When Picasso Stopped Piccadilly Circus

For half an hour, on the evening of 20 February 2020, Piccadilly Circus was transformed into a celebration of the work of the great artist, Pablo Picasso. We produced a three-minute film especially for its iconic screen. It’s the largest advertising display in Europe and it usually shares advertising content from some of the world’s biggest brands. Here is how we made our largest film yet.



We were commissioned by The Royal Academy to complement the gallery’s blockbuster ‘Picasso and Paper’ exhibition which opened on 25 January. We made the film using images from Picasso’s work, quotes from the artist himself, and clips from the rarely seen documentary Le Mystère Picasso by the great French film director Henri-Georges Clouzot (The Wages of Fear, Les Diaboliques).

Le Mystère Picasso is one of the most fascinating documents of an artist at work. Clouzot used innovative set-ups so that we can see Picasso’s line ‘drawing itself’ onto the screen. He also captures documentary footage of Picasso in the studio and time lapse footage of his work developing. Within the three-minute output, we aimed to touch on each of these aspects of the film in a visual narrative that followed Picasso’s work from black and white, to colour and collage.

a video challenge of Monumental proportions

This project was at the intersection of different ways to approach video. As a (very) general rule of thumb, bigger screens are more likely to be planned views – videos that you choose to watch, where you’ll play close attention, like watching a feature film in the cinema – rather than impulse views that you chance upon. The lights at Piccadilly Circus turn that rule on its head.

The way in which you structure a story is different too, whether you’re making a documentary film or trailer; but this film needed to raise awareness of the exhibition by being a valuable piece of interpretation about Picasso and his artistic approach in its own right.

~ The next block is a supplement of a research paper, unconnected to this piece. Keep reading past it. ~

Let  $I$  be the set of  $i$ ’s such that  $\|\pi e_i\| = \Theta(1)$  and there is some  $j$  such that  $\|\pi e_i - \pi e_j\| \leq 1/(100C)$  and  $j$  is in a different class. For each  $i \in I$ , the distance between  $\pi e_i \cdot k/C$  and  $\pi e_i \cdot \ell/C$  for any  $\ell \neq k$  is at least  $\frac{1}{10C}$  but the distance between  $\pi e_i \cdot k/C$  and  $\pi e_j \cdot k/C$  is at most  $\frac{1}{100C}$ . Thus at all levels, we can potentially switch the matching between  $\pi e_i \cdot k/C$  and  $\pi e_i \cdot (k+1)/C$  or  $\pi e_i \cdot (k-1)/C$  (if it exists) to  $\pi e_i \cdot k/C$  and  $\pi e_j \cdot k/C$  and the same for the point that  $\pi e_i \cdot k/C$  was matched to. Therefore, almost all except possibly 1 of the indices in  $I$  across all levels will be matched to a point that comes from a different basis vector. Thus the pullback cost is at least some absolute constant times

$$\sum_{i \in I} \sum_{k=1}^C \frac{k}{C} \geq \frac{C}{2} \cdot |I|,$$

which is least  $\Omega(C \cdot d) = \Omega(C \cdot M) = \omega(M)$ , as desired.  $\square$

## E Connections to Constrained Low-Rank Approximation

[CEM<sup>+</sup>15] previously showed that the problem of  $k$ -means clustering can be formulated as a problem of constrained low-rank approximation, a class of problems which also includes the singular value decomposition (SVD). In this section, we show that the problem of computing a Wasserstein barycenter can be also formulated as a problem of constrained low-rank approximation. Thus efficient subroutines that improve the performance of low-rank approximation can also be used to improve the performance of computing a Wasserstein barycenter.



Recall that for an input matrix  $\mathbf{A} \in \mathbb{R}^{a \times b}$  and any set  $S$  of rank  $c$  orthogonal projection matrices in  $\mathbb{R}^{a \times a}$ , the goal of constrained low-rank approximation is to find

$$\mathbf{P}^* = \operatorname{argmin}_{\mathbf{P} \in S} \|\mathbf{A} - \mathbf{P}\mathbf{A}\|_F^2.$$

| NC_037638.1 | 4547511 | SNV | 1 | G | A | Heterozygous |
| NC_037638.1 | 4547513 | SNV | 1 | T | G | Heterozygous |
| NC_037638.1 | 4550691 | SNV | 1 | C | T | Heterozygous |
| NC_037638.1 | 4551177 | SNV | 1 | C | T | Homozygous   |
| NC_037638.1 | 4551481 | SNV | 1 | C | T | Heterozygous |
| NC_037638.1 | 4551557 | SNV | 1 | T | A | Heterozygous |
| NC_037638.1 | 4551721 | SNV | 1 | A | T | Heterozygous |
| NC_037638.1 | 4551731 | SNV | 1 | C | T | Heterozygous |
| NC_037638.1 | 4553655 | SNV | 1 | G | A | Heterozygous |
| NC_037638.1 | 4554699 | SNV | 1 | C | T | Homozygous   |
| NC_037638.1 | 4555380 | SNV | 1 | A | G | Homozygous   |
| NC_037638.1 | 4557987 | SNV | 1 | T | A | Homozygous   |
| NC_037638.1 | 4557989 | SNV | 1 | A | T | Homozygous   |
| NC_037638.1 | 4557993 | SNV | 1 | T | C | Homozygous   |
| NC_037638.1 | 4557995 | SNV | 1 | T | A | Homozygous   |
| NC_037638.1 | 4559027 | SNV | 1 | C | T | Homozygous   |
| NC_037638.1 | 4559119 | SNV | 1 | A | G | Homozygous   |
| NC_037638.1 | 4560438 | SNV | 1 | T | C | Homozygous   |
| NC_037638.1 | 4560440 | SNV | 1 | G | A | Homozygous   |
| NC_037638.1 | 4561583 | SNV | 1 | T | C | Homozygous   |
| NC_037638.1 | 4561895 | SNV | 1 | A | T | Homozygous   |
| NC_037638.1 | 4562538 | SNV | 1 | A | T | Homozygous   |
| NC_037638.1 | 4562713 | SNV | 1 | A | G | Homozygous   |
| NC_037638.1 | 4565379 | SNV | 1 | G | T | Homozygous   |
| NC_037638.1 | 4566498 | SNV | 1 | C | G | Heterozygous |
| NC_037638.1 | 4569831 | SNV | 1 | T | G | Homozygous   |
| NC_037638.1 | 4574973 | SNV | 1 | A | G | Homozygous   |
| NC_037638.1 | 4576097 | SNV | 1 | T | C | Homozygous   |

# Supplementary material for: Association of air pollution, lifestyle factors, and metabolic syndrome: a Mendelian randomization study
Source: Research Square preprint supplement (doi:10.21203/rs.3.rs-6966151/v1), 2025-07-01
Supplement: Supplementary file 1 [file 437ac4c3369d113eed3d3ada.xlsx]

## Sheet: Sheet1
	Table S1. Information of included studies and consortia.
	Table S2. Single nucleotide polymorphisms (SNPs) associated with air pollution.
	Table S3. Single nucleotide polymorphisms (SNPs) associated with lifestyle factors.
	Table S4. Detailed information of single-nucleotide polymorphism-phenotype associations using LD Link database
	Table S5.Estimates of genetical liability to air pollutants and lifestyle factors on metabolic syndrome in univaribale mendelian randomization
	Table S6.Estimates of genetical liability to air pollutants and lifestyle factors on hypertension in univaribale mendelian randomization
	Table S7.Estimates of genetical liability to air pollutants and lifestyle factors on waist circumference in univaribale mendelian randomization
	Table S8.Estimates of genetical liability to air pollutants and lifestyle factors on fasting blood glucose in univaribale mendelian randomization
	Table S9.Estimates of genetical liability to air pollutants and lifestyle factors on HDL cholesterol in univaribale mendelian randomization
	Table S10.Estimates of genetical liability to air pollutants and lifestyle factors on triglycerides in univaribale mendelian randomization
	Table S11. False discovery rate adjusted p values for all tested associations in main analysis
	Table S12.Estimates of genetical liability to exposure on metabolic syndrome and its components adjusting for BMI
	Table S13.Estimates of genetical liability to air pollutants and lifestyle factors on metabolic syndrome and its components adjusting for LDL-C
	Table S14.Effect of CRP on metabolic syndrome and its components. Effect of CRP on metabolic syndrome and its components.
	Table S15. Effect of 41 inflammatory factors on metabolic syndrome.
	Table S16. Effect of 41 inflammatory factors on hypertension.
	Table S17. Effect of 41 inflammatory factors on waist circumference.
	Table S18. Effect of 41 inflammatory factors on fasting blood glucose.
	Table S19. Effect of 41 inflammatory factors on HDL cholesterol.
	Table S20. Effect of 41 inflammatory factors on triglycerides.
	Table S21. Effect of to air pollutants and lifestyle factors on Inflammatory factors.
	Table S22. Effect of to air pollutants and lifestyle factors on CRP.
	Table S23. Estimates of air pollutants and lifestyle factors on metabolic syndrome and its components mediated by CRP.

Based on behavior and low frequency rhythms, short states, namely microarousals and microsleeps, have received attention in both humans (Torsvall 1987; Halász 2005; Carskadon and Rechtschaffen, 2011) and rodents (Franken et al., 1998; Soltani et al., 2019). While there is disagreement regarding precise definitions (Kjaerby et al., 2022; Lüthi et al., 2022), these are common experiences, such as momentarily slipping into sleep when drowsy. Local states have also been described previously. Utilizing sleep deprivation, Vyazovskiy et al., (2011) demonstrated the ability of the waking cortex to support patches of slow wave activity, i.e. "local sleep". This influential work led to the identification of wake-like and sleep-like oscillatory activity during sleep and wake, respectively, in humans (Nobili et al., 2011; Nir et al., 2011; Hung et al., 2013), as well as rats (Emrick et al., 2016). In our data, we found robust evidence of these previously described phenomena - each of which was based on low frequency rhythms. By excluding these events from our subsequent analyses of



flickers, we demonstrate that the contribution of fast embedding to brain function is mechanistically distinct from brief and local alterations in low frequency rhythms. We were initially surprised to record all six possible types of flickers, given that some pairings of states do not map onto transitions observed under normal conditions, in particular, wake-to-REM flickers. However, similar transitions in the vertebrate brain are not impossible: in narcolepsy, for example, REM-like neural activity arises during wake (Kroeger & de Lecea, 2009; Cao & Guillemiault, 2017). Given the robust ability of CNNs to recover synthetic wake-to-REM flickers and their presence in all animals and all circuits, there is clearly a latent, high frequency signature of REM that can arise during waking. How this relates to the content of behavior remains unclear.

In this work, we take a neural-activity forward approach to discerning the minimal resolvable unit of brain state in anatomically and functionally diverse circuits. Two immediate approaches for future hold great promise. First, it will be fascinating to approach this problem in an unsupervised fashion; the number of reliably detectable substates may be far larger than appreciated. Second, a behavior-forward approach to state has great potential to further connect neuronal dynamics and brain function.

Challenge #1: The Screen’s Size

At 783 m2 the screen is truly enormous. It’s nearly 12 x the size of the average new home in the UK and 14 x the size of the combined decks of a double-decker London bus. At every step, the film was designed with this mammoth screen in mind; we created a scale image of a person that we could overlay onto the screen while editing to remind ourselves of the enormity!

Challenge #2: Its Shape

Additionally, the shape of the screen bends around and different parts are visible from each of the roads entering Piccadilly Circus. It was an exciting challenge to ensure that the work would be coherent and enjoyable from every angle.

Challenge #3: Its Parts

The screen also had its own requirements. There must always be at least four screens running concurrently. These must be no smaller than 50 m2 and no larger than 550 m2. For this particular project, this meant that at all times, the individual screens should be complementing each other to tell the same story.

Challenge #4: The Audience

We were also mindful of audience behaviour in the square. Many people pass through on foot, bus or by car. Since this three-minute film was played on a loop, the film’s narrative had to strike a careful balance – to be accessible and interesting at any given moment, but also to reward those who paused to enjoy it all the way through.


It was great to work on this project with the Royal Academy – and ultimately, this film, produced by us, was about the act of creation. The film, as well as the exhibition, explore Picasso as much through his artistic and creative process as through his actual artworks.

When you take over a space such as Piccadilly Circus, you are making a statement. For 30 minutes, the film embedded art, art history, and human creativity into the heart of our city.


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